Government steps up efforts to protect Thai elephants
The elephant is Thailand’s national symbol, but the elephant in the room is that more needs to be done to protect these majestic animals, and so the Thai government is preparing a draft law to require that every domestic elephant birth be registered and the elephant given an ID card.
In addition, the government issued instructions to collect DNA samples from every domesticated elephant in the Kingdom and establish a comprehensive database containing their genetic information. The government tasked the Department of Livestock Development and the Department of National Parks, Wildlife and Plant Conservation with collecting the samples and building the database.
Estimates are that there are about 3,500 domesticated elephants in Thailand. Roughly 3,340 wild elephants live in 69 wildlife sanctuaries and national parks across the country. Thailand’s population of wild elephants has been rising.
However, it’s a far cry from a century ago when at least 100,00 elephants roamed the heavily forested Kingdom. Loss of habitat and poaching helped lead to the steep decline in the elephant population.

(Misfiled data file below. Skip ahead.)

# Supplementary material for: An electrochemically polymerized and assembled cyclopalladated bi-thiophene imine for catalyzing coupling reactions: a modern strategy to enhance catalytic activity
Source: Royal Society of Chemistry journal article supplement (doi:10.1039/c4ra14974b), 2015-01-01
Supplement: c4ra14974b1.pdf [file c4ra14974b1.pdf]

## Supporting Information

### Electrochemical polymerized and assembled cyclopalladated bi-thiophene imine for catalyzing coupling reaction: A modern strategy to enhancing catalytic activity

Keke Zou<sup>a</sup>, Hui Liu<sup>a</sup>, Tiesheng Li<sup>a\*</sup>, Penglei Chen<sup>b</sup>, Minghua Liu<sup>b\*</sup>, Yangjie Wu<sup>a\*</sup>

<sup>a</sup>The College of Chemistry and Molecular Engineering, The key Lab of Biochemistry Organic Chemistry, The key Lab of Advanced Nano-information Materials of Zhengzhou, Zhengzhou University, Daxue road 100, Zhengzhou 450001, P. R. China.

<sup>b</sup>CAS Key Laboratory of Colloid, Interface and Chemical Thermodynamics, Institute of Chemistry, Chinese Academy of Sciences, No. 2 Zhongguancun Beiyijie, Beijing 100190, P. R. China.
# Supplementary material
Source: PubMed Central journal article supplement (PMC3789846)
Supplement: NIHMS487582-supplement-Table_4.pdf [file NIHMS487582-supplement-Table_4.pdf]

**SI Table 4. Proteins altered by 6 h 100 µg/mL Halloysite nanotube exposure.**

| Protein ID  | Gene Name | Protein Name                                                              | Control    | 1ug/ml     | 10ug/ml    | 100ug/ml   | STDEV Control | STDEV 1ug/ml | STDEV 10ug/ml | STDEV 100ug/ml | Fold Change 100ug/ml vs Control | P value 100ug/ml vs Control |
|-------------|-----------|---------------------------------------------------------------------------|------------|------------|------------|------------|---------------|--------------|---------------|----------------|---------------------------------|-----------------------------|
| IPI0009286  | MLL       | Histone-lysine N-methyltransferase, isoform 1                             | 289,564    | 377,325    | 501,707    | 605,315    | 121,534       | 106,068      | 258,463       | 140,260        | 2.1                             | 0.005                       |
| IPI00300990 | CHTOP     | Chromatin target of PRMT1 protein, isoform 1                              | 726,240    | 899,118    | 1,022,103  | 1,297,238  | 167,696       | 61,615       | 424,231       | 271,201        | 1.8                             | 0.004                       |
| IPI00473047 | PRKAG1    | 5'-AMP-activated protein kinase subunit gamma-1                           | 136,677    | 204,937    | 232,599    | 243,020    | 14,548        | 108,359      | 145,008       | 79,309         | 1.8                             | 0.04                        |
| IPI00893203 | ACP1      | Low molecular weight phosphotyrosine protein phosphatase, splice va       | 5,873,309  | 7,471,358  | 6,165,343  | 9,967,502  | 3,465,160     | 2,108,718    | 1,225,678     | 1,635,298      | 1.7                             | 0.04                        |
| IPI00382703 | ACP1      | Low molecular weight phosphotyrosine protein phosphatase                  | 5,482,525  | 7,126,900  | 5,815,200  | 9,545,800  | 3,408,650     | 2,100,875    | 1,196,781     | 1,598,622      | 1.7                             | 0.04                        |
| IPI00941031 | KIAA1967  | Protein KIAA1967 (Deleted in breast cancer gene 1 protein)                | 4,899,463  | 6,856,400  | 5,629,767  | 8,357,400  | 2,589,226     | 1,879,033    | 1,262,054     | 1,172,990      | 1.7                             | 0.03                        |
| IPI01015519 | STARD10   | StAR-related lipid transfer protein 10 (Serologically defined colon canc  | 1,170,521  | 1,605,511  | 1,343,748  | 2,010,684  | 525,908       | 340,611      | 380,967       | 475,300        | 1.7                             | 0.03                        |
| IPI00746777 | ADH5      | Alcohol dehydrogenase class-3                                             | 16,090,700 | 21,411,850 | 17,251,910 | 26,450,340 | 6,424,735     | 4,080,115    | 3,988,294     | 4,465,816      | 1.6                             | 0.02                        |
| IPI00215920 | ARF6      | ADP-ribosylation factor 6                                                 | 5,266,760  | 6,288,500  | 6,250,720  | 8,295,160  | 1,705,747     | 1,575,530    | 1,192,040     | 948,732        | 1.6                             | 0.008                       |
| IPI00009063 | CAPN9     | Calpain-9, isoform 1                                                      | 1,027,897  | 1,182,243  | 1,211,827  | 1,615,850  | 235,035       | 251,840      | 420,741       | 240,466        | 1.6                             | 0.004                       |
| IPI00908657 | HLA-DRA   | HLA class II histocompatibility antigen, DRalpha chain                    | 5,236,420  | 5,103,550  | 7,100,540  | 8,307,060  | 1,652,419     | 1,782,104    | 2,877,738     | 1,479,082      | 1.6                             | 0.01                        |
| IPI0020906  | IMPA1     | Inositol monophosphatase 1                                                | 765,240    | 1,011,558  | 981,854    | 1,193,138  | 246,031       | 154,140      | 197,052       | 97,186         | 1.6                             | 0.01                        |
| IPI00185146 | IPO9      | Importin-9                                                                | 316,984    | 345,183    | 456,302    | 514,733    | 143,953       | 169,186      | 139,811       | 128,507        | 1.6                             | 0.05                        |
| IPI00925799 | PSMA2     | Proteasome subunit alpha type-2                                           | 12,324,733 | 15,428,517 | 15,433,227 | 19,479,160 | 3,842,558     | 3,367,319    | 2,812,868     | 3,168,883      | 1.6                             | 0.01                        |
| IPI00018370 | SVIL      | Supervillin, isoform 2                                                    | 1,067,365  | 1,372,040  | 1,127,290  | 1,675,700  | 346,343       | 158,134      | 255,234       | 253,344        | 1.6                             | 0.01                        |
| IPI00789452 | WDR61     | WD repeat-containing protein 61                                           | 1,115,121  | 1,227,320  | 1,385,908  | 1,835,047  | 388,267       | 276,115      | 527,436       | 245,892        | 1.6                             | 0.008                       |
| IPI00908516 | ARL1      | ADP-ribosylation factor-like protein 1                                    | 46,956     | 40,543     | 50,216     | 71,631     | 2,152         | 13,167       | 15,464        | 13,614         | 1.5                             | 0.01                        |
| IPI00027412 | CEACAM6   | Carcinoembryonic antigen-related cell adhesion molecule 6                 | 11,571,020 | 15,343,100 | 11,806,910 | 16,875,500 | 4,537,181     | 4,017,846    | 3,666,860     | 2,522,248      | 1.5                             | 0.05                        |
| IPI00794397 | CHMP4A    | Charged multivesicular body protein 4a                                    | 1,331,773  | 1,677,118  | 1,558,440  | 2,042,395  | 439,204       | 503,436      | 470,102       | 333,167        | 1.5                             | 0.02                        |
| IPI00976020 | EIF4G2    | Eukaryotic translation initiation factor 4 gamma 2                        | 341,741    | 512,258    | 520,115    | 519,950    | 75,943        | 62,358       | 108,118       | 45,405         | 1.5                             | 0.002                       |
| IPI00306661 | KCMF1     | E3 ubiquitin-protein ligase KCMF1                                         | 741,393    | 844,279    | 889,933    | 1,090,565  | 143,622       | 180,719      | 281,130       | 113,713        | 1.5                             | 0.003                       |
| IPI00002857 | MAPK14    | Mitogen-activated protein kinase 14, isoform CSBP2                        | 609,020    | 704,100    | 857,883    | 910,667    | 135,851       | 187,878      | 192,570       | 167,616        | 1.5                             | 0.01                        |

Some poaching is still taking place despite harsh penalties and valiant efforts by forest rangers to stop it. Several forest rangers have been killed or wounded in recent years battling poachers of wildlife and protected species of plants and timber.
Poachers have been known to take young or baby elephants from slain adults and forge documents to pass them off as offspring of domesticated elephants.
The new draft and law and genetic database should help put an end to that. The law would require owners to register all domesticated elephants within one month of their birth. Right now, owners can wait as long as eight years to register elephant births with no penalty.
The legislation would also require mahouts working in elephant camps to obtain a license, and elephant camp owners will have to receive a permit to operate their camps from the Department of National Parks and renew that permit every three years, and submit to inspections.
Lastly, the bill calls for the establishment of a national elephant committee chaired by the Ministry of Agriculture and Cooperatives permanent secretary. The committee will oversee the protection and welfare of domestic elephants.
With the wild elephant population on the rise, more conflicts have been developing between elephants and farmers, as the elephants, searching for food, sometimes eat their crops.
The Department of National Parks said it would try additional measures to reduce those conflicts including by providing additional food sources for elephants, compensating farmers whose crops have been damaged and creating buffer zones between elephants and communities.